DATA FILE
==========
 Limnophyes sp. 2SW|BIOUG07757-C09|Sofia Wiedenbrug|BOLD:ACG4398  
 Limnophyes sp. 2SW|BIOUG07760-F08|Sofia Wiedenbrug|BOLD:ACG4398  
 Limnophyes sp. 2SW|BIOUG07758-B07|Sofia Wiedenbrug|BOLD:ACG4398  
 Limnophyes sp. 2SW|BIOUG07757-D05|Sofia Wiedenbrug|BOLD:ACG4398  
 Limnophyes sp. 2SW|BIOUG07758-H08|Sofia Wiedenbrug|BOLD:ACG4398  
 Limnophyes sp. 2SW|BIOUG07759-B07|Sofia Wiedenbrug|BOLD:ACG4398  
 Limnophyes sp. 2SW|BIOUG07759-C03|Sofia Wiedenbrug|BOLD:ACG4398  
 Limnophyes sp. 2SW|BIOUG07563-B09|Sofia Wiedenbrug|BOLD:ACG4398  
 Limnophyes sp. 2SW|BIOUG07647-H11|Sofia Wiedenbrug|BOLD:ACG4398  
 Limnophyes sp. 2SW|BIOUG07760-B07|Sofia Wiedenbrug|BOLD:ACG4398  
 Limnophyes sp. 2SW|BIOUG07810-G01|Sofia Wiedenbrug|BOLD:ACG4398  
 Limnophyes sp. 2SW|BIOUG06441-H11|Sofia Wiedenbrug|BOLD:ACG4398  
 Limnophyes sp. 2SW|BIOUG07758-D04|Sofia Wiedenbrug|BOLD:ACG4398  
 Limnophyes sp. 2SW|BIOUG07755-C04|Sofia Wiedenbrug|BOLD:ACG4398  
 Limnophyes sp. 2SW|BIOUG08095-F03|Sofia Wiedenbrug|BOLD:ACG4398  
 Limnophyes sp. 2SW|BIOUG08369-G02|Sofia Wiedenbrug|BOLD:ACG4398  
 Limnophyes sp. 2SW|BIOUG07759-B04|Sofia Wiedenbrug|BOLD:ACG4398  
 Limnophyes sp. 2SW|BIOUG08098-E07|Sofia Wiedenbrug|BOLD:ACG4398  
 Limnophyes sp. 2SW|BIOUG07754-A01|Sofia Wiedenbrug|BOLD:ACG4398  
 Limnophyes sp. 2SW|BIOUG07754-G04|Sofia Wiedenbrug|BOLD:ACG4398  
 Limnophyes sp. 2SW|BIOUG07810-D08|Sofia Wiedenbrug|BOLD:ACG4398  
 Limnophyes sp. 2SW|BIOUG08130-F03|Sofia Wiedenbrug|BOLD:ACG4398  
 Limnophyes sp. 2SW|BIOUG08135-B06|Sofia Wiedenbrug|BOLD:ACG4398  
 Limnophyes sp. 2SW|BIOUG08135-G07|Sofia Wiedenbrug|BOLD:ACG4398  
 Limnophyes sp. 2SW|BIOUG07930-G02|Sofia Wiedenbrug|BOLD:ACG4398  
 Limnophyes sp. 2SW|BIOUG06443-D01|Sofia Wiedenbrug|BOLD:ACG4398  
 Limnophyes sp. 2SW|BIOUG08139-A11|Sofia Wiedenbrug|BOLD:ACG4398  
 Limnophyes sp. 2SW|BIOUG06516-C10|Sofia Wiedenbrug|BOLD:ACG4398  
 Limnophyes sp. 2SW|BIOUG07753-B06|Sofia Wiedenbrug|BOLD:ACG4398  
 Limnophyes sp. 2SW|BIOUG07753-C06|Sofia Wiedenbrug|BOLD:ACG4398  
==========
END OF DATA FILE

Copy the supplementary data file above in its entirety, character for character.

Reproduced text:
 Limnophyes sp. 2SW|BIOUG07757-C09|Sofia Wiedenbrug|BOLD:ACG4398  
 Limnophyes sp. 2SW|BIOUG07760-F08|Sofia Wiedenbrug|BOLD:ACG4398  
 Limnophyes sp. 2SW|BIOUG07758-B07|Sofia Wiedenbrug|BOLD:ACG4398  
 Limnophyes sp. 2SW|BIOUG07757-D05|Sofia Wiedenbrug|BOLD:ACG4398  
 Limnophyes sp. 2SW|BIOUG07758-H08|Sofia Wiedenbrug|BOLD:ACG4398  
 Limnophyes sp. 2SW|BIOUG07759-B07|Sofia Wiedenbrug|BOLD:ACG4398  
 Limnophyes sp. 2SW|BIOUG07759-C03|Sofia Wiedenbrug|BOLD:ACG4398  
 Limnophyes sp. 2SW|BIOUG07563-B09|Sofia Wiedenbrug|BOLD:ACG4398  
 Limnophyes sp. 2SW|BIOUG07647-H11|Sofia Wiedenbrug|BOLD:ACG4398  
 Limnophyes sp. 2SW|BIOUG07760-B07|Sofia Wiedenbrug|BOLD:ACG4398  
 Limnophyes sp. 2SW|BIOUG07810-G01|Sofia Wiedenbrug|BOLD:ACG4398  
 Limnophyes sp. 2SW|BIOUG06441-H11|Sofia Wiedenbrug|BOLD:ACG4398  
 Limnophyes sp. 2SW|BIOUG07758-D04|Sofia Wiedenbrug|BOLD:ACG4398  
 Limnophyes sp. 2SW|BIOUG07755-C04|Sofia Wiedenbrug|BOLD:ACG4398  
 Limnophyes sp. 2SW|BIOUG08095-F03|Sofia Wiedenbrug|BOLD:ACG4398  
 Limnophyes sp. 2SW|BIOUG08369-G02|Sofia Wiedenbrug|BOLD:ACG4398  
 Limnophyes sp. 2SW|BIOUG07759-B04|Sofia Wiedenbrug|BOLD:ACG4398  
 Limnophyes sp. 2SW|BIOUG08098-E07|Sofia Wiedenbrug|BOLD:ACG4398  
 Limnophyes sp. 2SW|BIOUG07754-A01|Sofia Wiedenbrug|BOLD:ACG4398  
 Limnophyes sp. 2SW|BIOUG07754-G04|Sofia Wiedenbrug|BOLD:ACG4398  
 Limnophyes sp. 2SW|BIOUG07810-D08|Sofia Wiedenbrug|BOLD:ACG4398  
 Limnophyes sp. 2SW|BIOUG08130-F03|Sofia Wiedenbrug|BOLD:ACG4398  
 Limnophyes sp. 2SW|BIOUG08135-B06|Sofia Wiedenbrug|BOLD:ACG4398  
 Limnophyes sp. 2SW|BIOUG08135-G07|Sofia Wiedenbrug|BOLD:ACG4398  
 Limnophyes sp. 2SW|BIOUG07930-G02|Sofia Wiedenbrug|BOLD:ACG4398  
 Limnophyes sp. 2SW|BIOUG06443-D01|Sofia Wiedenbrug|BOLD:ACG4398  
 Limnophyes sp. 2SW|BIOUG08139-A11|Sofia Wiedenbrug|BOLD:ACG4398  
 Limnophyes sp. 2SW|BIOUG06516-C10|Sofia Wiedenbrug|BOLD:ACG4398  
 Limnophyes sp. 2SW|BIOUG07753-B06|Sofia Wiedenbrug|BOLD:ACG4398  
 Limnophyes sp. 2SW|BIOUG07753-C06|Sofia Wiedenbrug|BOLD:ACG4398  